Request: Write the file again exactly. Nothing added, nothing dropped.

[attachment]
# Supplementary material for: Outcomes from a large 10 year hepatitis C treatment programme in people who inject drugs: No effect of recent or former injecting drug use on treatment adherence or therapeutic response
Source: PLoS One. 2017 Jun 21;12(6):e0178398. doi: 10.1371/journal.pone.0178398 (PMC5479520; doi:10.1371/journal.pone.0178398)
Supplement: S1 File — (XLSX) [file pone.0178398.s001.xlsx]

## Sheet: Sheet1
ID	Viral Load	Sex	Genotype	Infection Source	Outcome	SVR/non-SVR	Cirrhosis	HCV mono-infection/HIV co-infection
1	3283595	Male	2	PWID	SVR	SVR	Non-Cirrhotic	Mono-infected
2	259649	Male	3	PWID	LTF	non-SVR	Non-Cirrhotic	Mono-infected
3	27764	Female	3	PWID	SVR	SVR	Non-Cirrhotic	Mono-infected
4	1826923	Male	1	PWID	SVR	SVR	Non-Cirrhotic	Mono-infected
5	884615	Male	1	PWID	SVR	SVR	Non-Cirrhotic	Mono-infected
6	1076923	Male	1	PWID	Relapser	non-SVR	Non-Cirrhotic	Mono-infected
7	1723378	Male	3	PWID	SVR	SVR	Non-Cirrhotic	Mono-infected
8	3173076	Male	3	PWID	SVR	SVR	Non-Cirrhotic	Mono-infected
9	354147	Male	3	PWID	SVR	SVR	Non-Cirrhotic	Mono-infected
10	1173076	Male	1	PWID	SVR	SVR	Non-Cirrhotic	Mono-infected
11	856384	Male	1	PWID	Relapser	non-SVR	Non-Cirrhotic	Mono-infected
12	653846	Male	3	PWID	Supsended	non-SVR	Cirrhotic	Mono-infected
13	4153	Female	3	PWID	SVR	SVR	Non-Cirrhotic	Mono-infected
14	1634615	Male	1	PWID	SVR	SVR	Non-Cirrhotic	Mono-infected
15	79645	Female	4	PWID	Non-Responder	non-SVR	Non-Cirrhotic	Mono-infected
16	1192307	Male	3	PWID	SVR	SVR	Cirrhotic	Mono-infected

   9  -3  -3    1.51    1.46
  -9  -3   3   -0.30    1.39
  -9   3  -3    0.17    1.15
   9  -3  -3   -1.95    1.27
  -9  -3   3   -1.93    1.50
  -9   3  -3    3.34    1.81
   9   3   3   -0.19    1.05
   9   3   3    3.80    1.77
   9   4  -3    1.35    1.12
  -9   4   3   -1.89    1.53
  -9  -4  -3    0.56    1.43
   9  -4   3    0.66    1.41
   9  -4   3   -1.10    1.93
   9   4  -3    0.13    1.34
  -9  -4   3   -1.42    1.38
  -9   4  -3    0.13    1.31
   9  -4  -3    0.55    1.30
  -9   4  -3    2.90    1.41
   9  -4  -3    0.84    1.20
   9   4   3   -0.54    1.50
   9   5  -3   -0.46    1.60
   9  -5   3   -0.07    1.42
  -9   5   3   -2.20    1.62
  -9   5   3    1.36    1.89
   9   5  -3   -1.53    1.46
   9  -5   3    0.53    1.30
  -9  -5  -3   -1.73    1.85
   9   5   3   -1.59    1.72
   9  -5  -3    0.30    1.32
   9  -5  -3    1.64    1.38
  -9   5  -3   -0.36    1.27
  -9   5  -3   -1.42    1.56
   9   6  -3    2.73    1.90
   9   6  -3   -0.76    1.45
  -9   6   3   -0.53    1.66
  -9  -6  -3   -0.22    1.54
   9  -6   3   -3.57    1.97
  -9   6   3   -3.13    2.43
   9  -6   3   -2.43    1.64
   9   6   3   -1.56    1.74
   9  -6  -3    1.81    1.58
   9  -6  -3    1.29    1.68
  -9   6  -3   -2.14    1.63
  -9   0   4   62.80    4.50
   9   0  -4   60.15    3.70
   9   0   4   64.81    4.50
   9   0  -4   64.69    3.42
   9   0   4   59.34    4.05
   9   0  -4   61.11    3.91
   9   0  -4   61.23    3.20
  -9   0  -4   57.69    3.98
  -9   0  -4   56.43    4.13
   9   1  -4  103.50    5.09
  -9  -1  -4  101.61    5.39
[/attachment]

# Supplementary material for: Outcomes from a large 10 year hepatitis C treatment programme in people who inject drugs: No effect of recent or former injecting drug use on treatment adherence or therapeutic response
Source: PLoS One. 2017 Jun 21;12(6):e0178398. doi: 10.1371/journal.pone.0178398 (PMC5479520; doi:10.1371/journal.pone.0178398)
Supplement: S1 File — (XLSX) [file pone.0178398.s001.xlsx]

## Sheet: Sheet1
ID	Viral Load	Sex	Genotype	Infection Source	Outcome	SVR/non-SVR	Cirrhosis	HCV mono-infection/HIV co-infection
1	3283595	Male	2	PWID	SVR	SVR	Non-Cirrhotic	Mono-infected
2	259649	Male	3	PWID	LTF	non-SVR	Non-Cirrhotic	Mono-infected
3	27764	Female	3	PWID	SVR	SVR	Non-Cirrhotic	Mono-infected
4	1826923	Male	1	PWID	SVR	SVR	Non-Cirrhotic	Mono-infected
5	884615	Male	1	PWID	SVR	SVR	Non-Cirrhotic	Mono-infected
6	1076923	Male	1	PWID	Relapser	non-SVR	Non-Cirrhotic	Mono-infected
7	1723378	Male	3	PWID	SVR	SVR	Non-Cirrhotic	Mono-infected
8	3173076	Male	3	PWID	SVR	SVR	Non-Cirrhotic	Mono-infected
9	354147	Male	3	PWID	SVR	SVR	Non-Cirrhotic	Mono-infected
10	1173076	Male	1	PWID	SVR	SVR	Non-Cirrhotic	Mono-infected
11	856384	Male	1	PWID	Relapser	non-SVR	Non-Cirrhotic	Mono-infected
12	653846	Male	3	PWID	Supsended	non-SVR	Cirrhotic	Mono-infected
13	4153	Female	3	PWID	SVR	SVR	Non-Cirrhotic	Mono-infected
14	1634615	Male	1	PWID	SVR	SVR	Non-Cirrhotic	Mono-infected
15	79645	Female	4	PWID	Non-Responder	non-SVR	Non-Cirrhotic	Mono-infected
16	1192307	Male	3	PWID	SVR	SVR	Cirrhotic	Mono-infected

   9  -3  -3    1.51    1.46
  -9  -3   3   -0.30    1.39
  -9   3  -3    0.17    1.15
   9  -3  -3   -1.95    1.27
  -9  -3   3   -1.93    1.50
  -9   3  -3    3.34    1.81
   9   3   3   -0.19    1.05
   9   3   3    3.80    1.77
   9   4  -3    1.35    1.12
  -9   4   3   -1.89    1.53
  -9  -4  -3    0.56    1.43
   9  -4   3    0.66    1.41
   9  -4   3   -1.10    1.93
   9   4  -3    0.13    1.34
  -9  -4   3   -1.42    1.38
  -9   4  -3    0.13    1.31
   9  -4  -3    0.55    1.30
  -9   4  -3    2.90    1.41
   9  -4  -3    0.84    1.20
   9   4   3   -0.54    1.50
   9   5  -3   -0.46    1.60
   9  -5   3   -0.07    1.42
  -9   5   3   -2.20    1.62
  -9   5   3    1.36    1.89
   9   5  -3   -1.53    1.46
   9  -5   3    0.53    1.30
  -9  -5  -3   -1.73    1.85
   9   5   3   -1.59    1.72
   9  -5  -3    0.30    1.32
   9  -5  -3    1.64    1.38
  -9   5  -3   -0.36    1.27
  -9   5  -3   -1.42    1.56
   9   6  -3    2.73    1.90
   9   6  -3   -0.76    1.45
  -9   6   3   -0.53    1.66
  -9  -6  -3   -0.22    1.54
   9  -6   3   -3.57    1.97
  -9   6   3   -3.13    2.43
   9  -6   3   -2.43    1.64
   9   6   3   -1.56    1.74
   9  -6  -3    1.81    1.58
   9  -6  -3    1.29    1.68
  -9   6  -3   -2.14    1.63
  -9   0   4   62.80    4.50
   9   0  -4   60.15    3.70
   9   0   4   64.81    4.50
   9   0  -4   64.69    3.42
   9   0   4   59.34    4.05
   9   0  -4   61.11    3.91
   9   0  -4   61.23    3.20
  -9   0  -4   57.69    3.98
  -9   0  -4   56.43    4.13
   9   1  -4  103.50    5.09
  -9  -1  -4  101.61    5.39